During the 1930s, there was a short-lived pulp magazine called variously Scotland Yard, Scotland Yard Detective Stories or Scotland Yard International Detective, which, despite the name, concentrated more on lurid crime stories set in the United States than anything to do with the Metropolitan Police.

Scotland Yard was the name of a series of cinema second features made between 1953 and 1961. Introduced by Edgar Lustgarten, each episode featured a dramatised reconstruction of a 'true crime' story. Filmed at Merton Park Studios, many of the episodes featured Russell Napier as Inspector Duggan. The series was succeeded by The Scales of Justice, which dealt with a similar theme. In the comedy series Batman, the caped crusaders in England meet members of "Ireland Yard"- clearly a spoof of Scotland Yard. Scotland Yard is briefly mentioned in the opening of the second act of Broadway musical Jekyll & Hyde in the song entitled "Murder, Murder", about the catching of a murderer.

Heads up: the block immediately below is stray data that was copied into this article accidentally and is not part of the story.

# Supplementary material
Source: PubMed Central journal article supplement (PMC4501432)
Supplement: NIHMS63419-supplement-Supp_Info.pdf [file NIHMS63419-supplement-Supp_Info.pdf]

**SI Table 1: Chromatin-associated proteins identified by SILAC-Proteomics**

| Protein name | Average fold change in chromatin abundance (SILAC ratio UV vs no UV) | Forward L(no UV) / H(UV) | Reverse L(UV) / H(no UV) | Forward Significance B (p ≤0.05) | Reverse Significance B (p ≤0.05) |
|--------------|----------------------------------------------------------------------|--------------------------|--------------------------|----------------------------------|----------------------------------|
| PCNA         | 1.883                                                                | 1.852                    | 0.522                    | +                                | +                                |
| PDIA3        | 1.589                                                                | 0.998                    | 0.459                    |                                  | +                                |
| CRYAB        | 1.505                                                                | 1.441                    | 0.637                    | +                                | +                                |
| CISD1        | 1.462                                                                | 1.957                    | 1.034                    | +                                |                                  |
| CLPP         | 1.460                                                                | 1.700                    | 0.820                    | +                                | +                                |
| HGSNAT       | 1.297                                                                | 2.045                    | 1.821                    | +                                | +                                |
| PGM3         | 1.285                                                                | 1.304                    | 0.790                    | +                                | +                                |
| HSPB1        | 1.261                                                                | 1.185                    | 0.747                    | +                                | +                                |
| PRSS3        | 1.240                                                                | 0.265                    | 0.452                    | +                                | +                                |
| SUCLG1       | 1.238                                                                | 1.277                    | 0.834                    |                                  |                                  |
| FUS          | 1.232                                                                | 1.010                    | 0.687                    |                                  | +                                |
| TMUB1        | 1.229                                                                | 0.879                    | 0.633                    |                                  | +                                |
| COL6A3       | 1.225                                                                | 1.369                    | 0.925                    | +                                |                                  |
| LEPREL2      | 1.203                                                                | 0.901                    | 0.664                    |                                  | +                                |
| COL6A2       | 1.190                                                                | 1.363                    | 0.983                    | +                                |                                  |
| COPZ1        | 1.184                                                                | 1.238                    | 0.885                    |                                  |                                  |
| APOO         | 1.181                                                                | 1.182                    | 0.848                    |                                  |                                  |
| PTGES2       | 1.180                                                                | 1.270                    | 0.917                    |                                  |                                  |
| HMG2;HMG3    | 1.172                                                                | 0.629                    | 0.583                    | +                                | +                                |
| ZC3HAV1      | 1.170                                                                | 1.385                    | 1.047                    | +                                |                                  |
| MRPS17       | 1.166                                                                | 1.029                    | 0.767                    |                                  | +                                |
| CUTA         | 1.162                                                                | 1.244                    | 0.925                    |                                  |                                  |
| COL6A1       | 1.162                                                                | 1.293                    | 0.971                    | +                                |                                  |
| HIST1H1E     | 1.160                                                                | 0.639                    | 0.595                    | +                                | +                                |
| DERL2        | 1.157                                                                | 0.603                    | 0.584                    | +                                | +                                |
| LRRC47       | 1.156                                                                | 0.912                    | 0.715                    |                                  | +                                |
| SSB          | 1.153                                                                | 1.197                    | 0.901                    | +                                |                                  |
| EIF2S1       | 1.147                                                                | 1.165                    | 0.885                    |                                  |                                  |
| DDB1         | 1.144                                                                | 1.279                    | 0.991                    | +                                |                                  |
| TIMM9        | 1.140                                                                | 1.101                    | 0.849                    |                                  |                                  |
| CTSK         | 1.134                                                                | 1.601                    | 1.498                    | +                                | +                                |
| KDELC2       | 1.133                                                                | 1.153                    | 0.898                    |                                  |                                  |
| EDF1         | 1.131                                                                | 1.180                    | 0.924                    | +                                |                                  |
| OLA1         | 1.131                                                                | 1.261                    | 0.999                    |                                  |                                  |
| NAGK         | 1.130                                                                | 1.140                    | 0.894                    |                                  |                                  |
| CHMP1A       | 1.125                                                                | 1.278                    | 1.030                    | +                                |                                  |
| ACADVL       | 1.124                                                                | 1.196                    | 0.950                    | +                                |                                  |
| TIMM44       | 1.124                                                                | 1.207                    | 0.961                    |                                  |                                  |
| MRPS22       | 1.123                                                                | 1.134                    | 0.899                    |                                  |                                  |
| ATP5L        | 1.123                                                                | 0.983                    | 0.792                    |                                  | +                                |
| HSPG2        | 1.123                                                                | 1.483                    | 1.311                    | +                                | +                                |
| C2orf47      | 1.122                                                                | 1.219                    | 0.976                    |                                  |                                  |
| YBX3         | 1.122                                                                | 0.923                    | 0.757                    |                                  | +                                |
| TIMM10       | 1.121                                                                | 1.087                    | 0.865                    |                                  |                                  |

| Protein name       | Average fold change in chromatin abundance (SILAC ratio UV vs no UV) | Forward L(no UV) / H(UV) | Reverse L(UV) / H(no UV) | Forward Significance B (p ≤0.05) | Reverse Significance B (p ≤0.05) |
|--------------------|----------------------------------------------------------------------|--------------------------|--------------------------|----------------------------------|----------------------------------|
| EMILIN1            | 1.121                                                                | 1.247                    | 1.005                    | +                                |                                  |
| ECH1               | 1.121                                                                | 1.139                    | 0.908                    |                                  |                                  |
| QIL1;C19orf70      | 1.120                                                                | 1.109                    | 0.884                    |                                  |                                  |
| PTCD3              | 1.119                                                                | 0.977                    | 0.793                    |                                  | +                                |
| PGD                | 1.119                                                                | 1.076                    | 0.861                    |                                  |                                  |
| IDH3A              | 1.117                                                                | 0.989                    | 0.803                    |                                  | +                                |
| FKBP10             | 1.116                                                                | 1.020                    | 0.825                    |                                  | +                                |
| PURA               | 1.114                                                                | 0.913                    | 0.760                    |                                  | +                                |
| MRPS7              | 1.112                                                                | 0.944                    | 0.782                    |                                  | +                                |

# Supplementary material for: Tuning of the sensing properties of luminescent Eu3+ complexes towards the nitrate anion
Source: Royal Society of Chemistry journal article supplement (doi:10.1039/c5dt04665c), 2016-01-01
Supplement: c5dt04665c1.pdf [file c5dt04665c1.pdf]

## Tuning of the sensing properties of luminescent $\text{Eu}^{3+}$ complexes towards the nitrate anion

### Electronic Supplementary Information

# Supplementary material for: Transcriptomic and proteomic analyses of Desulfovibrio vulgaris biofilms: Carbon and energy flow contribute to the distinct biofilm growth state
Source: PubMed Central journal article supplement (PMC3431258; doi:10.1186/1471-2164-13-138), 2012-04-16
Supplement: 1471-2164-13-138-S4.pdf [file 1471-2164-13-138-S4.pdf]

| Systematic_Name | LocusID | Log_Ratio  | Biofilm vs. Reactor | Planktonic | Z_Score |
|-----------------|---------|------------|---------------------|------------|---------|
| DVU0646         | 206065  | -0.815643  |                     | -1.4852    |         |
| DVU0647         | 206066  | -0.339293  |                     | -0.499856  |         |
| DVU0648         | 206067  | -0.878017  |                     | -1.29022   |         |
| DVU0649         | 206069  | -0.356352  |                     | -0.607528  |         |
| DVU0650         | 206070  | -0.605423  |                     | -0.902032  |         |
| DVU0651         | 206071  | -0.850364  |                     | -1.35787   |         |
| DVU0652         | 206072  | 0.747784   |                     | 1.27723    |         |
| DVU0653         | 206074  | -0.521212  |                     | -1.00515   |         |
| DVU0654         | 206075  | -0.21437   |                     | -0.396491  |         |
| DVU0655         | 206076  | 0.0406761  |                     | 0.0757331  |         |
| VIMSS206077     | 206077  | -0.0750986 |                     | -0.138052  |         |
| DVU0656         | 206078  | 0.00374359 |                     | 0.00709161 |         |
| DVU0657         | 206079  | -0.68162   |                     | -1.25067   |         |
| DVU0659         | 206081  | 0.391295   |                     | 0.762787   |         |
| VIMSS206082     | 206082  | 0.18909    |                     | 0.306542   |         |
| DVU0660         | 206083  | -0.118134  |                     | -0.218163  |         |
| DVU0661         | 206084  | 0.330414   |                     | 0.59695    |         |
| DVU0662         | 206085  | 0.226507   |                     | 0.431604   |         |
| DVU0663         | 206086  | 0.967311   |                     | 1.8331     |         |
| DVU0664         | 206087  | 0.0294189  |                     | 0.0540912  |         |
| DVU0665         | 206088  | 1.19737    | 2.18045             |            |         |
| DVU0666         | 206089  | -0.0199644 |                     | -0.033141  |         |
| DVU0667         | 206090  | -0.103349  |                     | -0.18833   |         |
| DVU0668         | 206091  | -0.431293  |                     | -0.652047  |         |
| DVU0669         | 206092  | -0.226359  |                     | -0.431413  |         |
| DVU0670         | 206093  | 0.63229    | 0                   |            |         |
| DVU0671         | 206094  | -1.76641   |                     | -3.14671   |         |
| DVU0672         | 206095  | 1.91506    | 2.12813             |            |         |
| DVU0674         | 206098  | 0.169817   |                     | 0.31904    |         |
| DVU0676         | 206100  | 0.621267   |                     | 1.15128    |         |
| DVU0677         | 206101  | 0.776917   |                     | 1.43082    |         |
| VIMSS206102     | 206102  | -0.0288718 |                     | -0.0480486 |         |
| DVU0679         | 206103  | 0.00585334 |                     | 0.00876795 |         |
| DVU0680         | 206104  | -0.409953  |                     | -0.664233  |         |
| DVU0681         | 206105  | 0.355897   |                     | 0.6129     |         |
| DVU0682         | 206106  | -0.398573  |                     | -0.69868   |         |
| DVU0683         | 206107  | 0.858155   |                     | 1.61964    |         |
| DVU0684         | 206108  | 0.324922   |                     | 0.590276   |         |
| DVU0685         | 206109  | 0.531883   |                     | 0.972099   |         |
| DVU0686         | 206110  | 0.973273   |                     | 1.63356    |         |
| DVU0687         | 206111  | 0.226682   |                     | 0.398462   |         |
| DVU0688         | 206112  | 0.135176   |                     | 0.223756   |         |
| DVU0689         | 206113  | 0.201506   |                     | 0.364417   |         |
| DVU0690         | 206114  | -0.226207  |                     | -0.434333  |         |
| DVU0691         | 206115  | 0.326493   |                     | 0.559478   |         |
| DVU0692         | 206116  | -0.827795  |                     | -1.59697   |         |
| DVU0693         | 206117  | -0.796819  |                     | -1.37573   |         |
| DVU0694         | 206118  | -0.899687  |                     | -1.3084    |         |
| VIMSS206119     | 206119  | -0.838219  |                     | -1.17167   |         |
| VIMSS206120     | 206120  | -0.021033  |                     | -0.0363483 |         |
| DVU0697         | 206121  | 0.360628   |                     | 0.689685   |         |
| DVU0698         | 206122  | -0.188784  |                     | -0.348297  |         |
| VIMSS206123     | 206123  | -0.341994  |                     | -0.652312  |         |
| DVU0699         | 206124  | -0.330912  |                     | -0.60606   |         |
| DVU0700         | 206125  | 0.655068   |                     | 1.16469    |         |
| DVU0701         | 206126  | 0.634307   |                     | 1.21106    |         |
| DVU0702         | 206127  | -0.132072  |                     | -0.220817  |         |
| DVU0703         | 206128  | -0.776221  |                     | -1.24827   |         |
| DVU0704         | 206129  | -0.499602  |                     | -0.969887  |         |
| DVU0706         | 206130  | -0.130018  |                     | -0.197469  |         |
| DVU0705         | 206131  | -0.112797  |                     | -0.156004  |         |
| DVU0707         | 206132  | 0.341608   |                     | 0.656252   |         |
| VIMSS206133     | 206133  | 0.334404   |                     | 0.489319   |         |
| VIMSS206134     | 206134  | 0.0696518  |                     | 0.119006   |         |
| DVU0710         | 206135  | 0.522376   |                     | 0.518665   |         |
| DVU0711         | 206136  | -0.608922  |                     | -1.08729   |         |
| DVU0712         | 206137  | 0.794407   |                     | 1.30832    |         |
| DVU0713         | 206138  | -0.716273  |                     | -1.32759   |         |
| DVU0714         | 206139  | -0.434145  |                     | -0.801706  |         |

Fabian of the Yard was a television series filmed and transmitted by the BBC between 1954 and 1956, based upon the career of the by then retired Detective Inspector Robert Fabian. It focused on the subject of forensic science, which at the time was in its infancy. Fabian usually appeared in a cameo shot towards the end of each episode.

A long running gag to end skits in Monty Python's Flying Circus is a policeman in a tan raincoat and a fedora bursting in, and announcing themselves as "so-and-so of the Yard."

See also

Notes

External links

Coordinates: 51°29′55″N 0°07′59″W / 51.49861°N 0.13306°W / 51.49861; -0.13306


Wiktionary

Up to date as of January 15, 2010